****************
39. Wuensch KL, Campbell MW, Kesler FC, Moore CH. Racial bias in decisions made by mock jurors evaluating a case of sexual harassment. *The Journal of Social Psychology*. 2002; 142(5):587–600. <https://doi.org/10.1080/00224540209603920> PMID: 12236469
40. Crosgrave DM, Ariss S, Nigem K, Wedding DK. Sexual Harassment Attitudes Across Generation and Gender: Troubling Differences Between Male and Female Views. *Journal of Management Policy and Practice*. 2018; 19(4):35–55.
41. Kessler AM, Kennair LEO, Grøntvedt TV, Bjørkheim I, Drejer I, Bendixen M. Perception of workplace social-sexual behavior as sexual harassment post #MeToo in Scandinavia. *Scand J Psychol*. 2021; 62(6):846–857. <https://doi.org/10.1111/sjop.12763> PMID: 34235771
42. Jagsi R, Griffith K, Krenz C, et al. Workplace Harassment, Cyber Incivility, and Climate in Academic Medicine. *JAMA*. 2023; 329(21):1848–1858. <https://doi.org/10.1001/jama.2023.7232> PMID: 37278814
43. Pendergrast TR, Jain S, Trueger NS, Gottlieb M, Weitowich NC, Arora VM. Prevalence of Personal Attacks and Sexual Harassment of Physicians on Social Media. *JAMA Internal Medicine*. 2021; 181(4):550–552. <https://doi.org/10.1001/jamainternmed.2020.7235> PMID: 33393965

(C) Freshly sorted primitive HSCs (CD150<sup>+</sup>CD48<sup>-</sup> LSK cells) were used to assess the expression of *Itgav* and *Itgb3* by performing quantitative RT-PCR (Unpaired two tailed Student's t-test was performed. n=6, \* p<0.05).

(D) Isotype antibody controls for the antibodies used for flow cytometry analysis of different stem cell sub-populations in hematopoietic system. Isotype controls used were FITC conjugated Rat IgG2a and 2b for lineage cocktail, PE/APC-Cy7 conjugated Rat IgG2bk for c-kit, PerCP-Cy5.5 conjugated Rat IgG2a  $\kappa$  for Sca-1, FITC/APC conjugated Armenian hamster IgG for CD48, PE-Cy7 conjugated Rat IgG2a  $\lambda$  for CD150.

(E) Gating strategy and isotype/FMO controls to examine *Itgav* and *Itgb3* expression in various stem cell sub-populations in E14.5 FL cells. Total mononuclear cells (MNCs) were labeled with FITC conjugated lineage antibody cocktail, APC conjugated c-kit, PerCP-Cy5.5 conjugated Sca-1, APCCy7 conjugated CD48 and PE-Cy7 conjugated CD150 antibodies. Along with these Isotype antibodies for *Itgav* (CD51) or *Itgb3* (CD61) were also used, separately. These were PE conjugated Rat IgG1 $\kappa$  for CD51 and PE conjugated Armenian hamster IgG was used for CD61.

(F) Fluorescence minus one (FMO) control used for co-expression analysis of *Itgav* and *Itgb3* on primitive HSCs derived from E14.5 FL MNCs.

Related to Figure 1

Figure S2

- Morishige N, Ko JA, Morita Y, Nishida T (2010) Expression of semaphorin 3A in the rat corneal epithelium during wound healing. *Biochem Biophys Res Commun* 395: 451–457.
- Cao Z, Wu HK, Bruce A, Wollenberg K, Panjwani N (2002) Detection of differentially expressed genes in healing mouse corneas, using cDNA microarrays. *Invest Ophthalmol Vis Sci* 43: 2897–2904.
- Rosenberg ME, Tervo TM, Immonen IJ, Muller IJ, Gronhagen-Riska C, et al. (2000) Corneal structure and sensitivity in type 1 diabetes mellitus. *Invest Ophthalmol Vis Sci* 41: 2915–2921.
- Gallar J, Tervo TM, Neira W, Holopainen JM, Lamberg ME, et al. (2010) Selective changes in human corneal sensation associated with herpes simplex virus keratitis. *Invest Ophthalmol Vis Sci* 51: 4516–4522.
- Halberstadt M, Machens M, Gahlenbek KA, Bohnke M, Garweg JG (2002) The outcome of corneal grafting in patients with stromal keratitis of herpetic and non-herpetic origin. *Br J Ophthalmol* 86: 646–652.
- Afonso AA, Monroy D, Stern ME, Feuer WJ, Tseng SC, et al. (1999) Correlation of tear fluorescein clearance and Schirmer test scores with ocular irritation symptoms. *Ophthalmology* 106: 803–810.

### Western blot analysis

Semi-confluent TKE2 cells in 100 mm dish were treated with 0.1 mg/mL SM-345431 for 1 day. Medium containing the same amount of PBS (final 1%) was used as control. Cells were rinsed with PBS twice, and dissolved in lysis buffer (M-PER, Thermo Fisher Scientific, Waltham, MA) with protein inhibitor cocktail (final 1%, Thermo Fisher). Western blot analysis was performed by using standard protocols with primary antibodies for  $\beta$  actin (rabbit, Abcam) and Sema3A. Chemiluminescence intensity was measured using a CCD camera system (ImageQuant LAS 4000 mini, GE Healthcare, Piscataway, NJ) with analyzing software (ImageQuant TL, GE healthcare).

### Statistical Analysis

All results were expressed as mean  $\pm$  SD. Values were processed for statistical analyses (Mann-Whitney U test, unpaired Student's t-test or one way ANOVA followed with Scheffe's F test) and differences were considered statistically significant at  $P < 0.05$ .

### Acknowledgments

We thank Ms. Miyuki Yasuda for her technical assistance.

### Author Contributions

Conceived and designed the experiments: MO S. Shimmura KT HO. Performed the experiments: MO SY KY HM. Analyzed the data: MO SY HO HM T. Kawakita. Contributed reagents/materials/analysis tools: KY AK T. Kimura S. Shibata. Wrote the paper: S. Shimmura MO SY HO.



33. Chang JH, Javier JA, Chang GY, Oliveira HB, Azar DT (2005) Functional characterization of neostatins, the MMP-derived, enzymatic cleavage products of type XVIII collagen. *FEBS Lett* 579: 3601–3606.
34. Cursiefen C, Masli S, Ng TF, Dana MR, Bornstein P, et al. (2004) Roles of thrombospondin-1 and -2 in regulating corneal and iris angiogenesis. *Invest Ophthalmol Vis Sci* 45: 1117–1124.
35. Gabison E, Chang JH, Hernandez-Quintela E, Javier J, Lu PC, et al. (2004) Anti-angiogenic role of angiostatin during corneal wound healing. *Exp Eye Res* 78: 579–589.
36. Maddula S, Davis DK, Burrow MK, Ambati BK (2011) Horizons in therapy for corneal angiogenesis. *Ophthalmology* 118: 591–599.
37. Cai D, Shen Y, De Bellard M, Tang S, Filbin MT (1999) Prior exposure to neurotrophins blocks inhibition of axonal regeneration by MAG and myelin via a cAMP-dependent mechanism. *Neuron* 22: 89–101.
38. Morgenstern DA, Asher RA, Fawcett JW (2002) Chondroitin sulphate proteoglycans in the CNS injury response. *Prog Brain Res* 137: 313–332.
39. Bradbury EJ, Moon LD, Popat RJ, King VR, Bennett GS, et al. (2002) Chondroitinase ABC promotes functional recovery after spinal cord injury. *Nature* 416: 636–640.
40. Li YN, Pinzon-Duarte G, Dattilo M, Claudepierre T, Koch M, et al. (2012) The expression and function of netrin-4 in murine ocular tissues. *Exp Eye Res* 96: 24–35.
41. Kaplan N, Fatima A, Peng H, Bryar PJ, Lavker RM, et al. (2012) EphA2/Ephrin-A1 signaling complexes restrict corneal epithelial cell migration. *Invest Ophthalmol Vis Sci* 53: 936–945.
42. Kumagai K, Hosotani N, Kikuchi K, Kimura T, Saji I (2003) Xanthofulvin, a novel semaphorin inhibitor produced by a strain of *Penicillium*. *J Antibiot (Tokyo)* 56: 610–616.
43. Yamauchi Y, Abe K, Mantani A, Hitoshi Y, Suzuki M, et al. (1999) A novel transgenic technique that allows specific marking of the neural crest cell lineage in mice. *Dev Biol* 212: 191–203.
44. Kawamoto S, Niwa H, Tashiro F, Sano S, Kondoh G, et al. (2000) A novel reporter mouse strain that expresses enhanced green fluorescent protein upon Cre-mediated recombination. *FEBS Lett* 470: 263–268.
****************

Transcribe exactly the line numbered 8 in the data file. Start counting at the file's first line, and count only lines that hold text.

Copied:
(E) Gating strategy and isotype/FMO controls to examine *Itgav* and *Itgb3* expression in various stem cell sub-populations in E14.5 FL cells. Total mononuclear cells (MNCs) were labeled with FITC conjugated lineage antibody cocktail, APC conjugated c-kit, PerCP-Cy5.5 conjugated Sca-1, APCCy7 conjugated CD48 and PE-Cy7 conjugated CD150 antibodies. Along with these Isotype antibodies for *Itgav* (CD51) or *Itgb3* (CD61) were also used, separately. These were PE conjugated Rat IgG1 $\kappa$  for CD51 and PE conjugated Armenian hamster IgG was used for CD61.